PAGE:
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Women and the Work/Family Dilemma by Deborah J. Swiss and Judith P. Walker


Book Review By Ann Wehrle


Women and the Work/Family Dilemma, by Deborah J. Swiss and Judith P. Walker,
(Wiley: New York, 1993) is out of print, but available through www.bookfinder.com.

June 2001

Ann Wehrle is a staff scientist at the Interferometry Science Center (JPL and Caltech) where she does
strategic planning for science for the Space Interferometry Mission. She leads the SIM Key Project
“Binary Black Holes, Accretion Disks, and Relativistic Jets: Photocenters of Nearby Active Galactic
Nuclei and Quasars”. She and her husband have an 8-year old daughter and a 4-year old son.

THIS IS THE BEST BOOK I have read about professional women and the tradeoffs
made in combining work and family. The authors surveyed 902 graduates of the
Harvard Medical, Law, and Business Schools, aged 33-45 years. Seventy-five percent of the
women were married, 66% were mothers although 25% volunteered that they had had
fertility problems. Thirty percent had been selfemployed at some point in their careers.


In sharp contradiction to the authors’ expectation of finding many examples of workplace
support for these “top-credential” women combining careers and family, they discovered
most women had no recognition in the workplace for their dual role. They variously chose to
“fast track” in early years, to consciously start out in “family-friendly” companies, to work parttime,
to go into business for themselves, or to stay home full time after their children were
born. Many moved among these options, though women who left the “fast track” never returned. Many moved to the “mommy track” in their careers, with lower pay, fewer promotions, and
less professional recognition.


When do women change their plans or rebalance their lives? Often, there is a triggering
event such as a child’s serious illness or a difficult pregnancy. Simply announcing a pregnancy may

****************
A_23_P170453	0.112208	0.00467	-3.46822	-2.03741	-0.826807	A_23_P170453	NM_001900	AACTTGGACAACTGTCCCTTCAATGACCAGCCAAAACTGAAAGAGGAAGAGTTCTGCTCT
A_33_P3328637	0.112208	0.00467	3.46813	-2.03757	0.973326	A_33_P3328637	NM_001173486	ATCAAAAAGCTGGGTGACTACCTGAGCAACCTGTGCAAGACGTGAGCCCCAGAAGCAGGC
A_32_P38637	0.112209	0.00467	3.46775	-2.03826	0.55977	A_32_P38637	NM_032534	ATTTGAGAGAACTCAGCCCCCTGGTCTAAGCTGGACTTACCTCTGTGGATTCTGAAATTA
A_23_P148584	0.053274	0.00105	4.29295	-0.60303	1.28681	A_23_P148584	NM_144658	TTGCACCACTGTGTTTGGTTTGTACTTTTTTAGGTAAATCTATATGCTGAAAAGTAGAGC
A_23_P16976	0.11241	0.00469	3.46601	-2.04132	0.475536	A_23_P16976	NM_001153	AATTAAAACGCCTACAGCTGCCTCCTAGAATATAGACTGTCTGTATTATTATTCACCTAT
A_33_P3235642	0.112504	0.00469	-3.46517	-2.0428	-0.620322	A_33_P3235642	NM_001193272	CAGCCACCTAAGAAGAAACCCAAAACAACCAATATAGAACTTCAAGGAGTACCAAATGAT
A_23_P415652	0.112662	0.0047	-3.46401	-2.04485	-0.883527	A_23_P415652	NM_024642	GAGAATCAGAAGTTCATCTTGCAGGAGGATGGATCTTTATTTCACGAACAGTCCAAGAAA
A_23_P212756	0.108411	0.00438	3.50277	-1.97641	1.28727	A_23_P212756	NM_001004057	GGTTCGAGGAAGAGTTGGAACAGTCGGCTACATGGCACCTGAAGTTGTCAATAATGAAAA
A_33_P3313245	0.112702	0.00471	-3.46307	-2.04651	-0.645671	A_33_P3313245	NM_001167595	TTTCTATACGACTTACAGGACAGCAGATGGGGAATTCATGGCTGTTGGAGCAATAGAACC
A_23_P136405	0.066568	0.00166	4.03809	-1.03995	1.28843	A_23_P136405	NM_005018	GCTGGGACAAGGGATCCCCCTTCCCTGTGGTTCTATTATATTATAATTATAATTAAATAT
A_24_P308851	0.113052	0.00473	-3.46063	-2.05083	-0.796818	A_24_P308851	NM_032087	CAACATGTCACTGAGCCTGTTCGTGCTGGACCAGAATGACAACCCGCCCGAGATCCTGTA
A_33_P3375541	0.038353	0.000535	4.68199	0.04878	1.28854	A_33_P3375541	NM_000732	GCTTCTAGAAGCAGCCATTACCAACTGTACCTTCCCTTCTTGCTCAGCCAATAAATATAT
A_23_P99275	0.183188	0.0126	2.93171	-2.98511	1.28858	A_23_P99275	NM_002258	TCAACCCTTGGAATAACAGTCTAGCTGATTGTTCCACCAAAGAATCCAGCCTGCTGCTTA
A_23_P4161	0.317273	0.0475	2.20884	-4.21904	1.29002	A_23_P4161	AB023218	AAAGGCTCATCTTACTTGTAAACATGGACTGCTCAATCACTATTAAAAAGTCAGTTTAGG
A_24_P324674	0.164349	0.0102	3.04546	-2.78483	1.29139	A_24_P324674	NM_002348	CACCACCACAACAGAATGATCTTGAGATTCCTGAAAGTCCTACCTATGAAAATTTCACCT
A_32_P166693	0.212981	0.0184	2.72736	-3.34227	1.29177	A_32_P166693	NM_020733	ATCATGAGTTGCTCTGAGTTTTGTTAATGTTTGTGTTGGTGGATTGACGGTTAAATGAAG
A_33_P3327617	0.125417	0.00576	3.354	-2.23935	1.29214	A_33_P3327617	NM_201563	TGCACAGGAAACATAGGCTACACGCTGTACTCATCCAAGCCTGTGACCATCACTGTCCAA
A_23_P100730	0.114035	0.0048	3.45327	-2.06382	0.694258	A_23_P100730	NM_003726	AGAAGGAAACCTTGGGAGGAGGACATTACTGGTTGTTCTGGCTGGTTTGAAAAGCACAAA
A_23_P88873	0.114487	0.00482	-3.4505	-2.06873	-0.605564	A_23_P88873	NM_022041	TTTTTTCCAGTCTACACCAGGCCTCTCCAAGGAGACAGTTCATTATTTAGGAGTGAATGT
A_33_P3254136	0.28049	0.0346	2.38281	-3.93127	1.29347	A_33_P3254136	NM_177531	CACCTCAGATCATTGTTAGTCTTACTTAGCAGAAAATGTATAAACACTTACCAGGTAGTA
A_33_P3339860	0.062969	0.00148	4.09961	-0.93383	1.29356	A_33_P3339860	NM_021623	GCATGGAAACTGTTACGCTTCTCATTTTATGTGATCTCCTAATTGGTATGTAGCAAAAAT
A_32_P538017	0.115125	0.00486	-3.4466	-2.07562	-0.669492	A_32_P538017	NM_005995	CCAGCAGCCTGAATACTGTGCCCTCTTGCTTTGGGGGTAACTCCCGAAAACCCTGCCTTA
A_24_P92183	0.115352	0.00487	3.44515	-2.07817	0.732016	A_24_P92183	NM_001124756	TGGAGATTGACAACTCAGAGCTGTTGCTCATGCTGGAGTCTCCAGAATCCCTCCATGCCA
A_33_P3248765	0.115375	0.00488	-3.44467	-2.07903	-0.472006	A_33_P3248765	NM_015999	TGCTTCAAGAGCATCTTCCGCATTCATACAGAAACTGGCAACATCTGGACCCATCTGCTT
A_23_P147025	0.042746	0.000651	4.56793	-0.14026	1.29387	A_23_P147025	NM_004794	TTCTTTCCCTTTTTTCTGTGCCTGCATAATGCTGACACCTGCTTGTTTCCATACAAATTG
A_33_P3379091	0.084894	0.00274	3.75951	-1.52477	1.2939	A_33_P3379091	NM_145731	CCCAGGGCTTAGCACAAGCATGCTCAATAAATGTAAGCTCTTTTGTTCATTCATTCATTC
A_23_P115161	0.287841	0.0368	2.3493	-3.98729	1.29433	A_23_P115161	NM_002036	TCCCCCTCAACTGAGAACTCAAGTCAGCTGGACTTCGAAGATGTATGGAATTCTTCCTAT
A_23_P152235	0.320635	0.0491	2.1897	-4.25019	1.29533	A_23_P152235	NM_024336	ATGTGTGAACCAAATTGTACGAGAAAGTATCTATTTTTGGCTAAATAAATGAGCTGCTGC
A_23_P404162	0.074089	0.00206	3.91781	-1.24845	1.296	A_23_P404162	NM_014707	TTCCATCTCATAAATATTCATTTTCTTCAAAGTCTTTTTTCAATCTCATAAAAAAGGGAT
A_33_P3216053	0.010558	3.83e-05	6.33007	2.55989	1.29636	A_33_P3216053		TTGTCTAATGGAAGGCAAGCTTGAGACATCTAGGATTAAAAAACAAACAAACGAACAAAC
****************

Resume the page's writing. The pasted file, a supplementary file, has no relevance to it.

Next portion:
be followed by serious repercussions on the job, for example, losing clients, patients, or the most
“interesting cases,” or even having the offer of a promotion withdrawn. Women, exhausted after
years of doing the job at home and at work — one woman described being so tired that her eyes
would not focus at the end of the day — may find a last-minute business trip or missed soccer
game becomes the “straw that broke the camel’s back.”


Women were also painfully aware that the first woman to take maternity leave in her company
sets the standard by which other women are measured; if the first woman took two weeks’
maternity leave, the next woman was expected to do the same. Women compartmentalized
personal and professional lives, and set firm limits on the encroachment by work onto “family
time”. Some women went as far as to recommend others “have their children at one job, and have
their career at their next job”— in other words, hide their family responsibilities at the
second job.


In the event you can’t get the book, here are some career and family strategies that women in
astronomy may find useful:

  • Avoid long commutes.
  • Hire nannies; live-in nannies make it much easier to travel.
  • Pay for house cleaners and handymen.
  • Carefully manage home responsibilities by negotiating with husbands.
  • Make decisions quickly and efficiently, e.g., handling paperwork only once or prearranging
    backup child care.
  • Make yourself highly valued at work before having kids.
  • Work part-time, especially when nursing babies.
  • Call upon women friends for assistance.
  • “Vote with your feet” if companies will not accommodate family life.

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